Interview with Gordon Carey
QUESTION 1
INTERVIEWER:

CORE AND THE FELLOWSHIP OF RECONCILIATION WERE STAGING PROTESTS AGAINST JIM CROW IN THE NORTH IN THE FORTIES AND FIFTIES. I WONDER COULD YOU TALK A LITTLE BIT ABOUT THE HISTORICAL CONNECTION BETWEEN THOSE EARLIER PROTESTS AND THE ONES IN THE SIXTIES.

Gordon Carey:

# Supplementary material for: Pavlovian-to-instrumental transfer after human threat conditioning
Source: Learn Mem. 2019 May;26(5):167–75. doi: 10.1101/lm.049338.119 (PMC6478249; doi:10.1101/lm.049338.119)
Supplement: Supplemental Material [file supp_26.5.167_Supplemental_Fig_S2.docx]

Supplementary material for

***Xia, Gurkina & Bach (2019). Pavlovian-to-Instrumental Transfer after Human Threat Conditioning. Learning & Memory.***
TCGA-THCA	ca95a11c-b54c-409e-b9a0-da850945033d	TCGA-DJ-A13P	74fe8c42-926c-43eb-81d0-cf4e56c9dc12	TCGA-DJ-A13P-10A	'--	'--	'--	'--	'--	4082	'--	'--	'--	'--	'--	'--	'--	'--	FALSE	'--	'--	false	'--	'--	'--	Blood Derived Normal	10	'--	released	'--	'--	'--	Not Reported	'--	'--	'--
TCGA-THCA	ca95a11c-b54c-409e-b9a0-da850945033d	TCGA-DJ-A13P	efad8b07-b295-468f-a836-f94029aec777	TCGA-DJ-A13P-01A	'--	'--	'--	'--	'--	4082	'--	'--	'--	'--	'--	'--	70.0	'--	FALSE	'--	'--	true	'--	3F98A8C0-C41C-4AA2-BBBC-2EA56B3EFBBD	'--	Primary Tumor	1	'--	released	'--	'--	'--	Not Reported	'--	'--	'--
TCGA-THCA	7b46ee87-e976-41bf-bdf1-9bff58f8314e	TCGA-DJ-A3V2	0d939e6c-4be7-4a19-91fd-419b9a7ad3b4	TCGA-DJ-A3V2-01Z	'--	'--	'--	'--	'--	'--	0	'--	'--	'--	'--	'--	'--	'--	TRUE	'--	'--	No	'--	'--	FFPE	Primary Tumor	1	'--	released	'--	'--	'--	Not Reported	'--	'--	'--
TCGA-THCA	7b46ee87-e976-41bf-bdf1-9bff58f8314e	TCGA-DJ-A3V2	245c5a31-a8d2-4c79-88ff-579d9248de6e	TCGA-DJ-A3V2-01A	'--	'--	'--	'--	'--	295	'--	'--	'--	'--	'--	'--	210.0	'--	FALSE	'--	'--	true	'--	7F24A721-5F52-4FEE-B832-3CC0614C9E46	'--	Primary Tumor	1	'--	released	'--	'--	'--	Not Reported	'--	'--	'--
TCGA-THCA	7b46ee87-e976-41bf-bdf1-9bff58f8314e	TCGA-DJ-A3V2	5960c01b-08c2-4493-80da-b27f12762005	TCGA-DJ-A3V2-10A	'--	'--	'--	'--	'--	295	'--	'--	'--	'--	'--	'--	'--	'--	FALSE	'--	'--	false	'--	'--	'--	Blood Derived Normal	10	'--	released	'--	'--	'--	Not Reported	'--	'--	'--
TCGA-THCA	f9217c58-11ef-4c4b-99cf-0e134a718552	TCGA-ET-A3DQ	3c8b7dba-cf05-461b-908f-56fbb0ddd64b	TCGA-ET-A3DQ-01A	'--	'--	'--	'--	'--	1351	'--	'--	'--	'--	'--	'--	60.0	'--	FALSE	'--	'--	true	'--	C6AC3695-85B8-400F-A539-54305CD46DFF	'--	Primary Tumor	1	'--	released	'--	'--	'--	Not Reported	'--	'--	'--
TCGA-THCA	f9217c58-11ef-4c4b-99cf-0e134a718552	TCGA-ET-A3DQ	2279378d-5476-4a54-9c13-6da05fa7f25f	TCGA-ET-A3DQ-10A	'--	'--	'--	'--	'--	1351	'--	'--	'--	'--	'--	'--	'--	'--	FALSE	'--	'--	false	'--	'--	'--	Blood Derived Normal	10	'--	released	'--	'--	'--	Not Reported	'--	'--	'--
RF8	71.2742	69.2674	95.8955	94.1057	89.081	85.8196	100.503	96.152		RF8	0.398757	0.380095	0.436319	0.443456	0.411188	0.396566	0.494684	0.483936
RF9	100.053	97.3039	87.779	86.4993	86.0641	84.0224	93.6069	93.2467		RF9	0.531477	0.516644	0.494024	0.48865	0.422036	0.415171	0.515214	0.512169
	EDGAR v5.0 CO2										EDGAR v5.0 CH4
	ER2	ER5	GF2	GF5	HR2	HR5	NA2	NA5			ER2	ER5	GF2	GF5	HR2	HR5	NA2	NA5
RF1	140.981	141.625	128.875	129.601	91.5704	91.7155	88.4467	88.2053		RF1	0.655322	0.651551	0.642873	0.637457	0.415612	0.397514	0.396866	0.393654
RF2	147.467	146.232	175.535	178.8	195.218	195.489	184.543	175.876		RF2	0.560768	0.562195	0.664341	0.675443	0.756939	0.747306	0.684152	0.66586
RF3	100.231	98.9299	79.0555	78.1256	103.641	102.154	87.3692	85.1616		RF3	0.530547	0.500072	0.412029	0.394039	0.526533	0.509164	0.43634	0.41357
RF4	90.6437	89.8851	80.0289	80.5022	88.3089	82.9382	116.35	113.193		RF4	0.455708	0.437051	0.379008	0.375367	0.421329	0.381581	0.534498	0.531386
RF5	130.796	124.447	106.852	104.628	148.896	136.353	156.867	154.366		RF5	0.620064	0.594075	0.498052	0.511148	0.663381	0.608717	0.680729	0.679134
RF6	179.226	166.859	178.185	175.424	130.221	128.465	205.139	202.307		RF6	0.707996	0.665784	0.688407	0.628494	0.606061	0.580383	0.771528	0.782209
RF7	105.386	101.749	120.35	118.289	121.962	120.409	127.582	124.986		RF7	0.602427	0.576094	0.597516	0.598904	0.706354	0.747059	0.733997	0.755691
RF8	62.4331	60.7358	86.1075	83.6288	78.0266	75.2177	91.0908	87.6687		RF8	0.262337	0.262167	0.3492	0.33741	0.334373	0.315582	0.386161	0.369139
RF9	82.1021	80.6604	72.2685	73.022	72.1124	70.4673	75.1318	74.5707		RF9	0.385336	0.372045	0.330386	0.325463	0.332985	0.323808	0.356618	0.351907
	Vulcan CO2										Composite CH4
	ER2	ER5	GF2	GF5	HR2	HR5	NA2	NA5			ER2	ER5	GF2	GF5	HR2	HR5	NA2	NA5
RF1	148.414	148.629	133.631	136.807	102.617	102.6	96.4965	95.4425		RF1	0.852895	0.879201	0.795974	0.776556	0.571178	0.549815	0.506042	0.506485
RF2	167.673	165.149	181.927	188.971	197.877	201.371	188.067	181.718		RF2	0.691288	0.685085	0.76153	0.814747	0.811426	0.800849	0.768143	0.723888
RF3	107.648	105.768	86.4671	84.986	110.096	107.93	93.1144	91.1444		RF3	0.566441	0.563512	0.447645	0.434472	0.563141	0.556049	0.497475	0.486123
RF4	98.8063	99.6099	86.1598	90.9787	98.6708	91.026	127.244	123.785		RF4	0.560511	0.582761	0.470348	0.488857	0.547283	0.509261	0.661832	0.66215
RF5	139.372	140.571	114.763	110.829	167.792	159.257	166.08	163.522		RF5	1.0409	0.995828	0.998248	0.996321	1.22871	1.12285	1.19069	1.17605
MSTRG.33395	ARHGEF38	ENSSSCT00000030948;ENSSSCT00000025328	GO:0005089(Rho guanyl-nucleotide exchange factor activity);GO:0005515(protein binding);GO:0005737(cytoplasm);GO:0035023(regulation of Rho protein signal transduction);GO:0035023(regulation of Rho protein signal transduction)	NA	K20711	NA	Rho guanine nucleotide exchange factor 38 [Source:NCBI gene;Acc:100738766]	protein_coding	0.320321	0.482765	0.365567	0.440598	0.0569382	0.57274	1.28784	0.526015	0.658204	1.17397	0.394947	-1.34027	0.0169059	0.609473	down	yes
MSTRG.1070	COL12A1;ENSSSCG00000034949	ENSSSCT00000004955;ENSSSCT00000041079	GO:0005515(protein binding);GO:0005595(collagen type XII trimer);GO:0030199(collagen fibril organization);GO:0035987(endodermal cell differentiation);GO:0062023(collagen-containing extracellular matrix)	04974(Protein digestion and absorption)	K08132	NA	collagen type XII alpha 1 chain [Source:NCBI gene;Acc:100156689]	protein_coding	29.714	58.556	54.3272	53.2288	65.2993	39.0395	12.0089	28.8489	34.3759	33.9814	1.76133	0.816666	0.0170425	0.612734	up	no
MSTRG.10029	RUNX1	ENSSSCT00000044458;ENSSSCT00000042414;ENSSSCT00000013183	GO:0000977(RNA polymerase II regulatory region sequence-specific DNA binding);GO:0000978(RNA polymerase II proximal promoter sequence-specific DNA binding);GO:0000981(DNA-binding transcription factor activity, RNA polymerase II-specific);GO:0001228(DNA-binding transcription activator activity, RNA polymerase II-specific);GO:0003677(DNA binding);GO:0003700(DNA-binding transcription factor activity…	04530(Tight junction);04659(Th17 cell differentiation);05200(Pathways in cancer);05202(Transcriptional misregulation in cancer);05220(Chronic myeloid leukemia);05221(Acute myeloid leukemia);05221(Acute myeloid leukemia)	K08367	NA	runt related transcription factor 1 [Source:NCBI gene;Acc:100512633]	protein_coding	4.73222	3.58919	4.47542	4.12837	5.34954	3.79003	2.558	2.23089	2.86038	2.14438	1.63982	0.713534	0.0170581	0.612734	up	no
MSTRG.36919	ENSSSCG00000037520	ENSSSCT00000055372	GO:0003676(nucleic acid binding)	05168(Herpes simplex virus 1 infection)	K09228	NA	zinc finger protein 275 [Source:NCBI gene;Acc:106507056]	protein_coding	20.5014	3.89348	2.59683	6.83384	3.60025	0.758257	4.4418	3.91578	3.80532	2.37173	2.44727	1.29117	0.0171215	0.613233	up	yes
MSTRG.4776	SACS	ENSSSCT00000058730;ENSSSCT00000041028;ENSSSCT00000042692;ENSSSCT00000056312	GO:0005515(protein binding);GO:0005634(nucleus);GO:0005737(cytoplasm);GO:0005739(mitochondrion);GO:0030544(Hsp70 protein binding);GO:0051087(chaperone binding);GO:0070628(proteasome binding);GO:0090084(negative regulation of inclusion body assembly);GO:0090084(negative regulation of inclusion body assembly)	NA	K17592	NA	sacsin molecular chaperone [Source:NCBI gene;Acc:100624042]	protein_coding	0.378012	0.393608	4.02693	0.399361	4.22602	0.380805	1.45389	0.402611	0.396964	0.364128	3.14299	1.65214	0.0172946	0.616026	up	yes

Well, I guess the—when CORE first began it began in Chicago. It was started by a group of pacifists, socialists, predominantly white group of intellectuals, and of course at that time all of the public facilities in Chicago and most throughout, throughout most of the north, restaurants and barber shops, roller skating rinks were all segregated. And they were essential trying to apply Gandhi and move, Gandhian tactics to the ending of these kinds of racial barriers. The movement, actually what I call the movement, it wasn't one, but the CORE activities in those days were actually quite successful and they managed to integrate a lot of restaurants and this sort of thing. But it wasn't until many years later when suddenly in the South, that this sort of thing became—it was inspired by some of the things in the North, but it was more inspired I think by the Montgomery Bus Boycott and some of the things that Dr. Martin Luther King was doing. And then the, some of the tacticians from this earlier stage in the forties and fifties went South and began to work with the students and others in the South who were doing this. So there is no really no direct connection except that they were sort of merged through a tactical approach, and through the kind of Gandhian and non-violent discipline that the old CORE types were able to bring to this movement in the South. I myself for example grew up in a family, my father was a pacifist, he was a Methodist minister and he was a member of CORE in Grand Rapids, Michigan. As a matter of fact chairman of a small CORE chapter there way back in the in the forties. So I kind of grew up in CORE. I first met James Farmer when I was thirteen years old. That's forty years ago.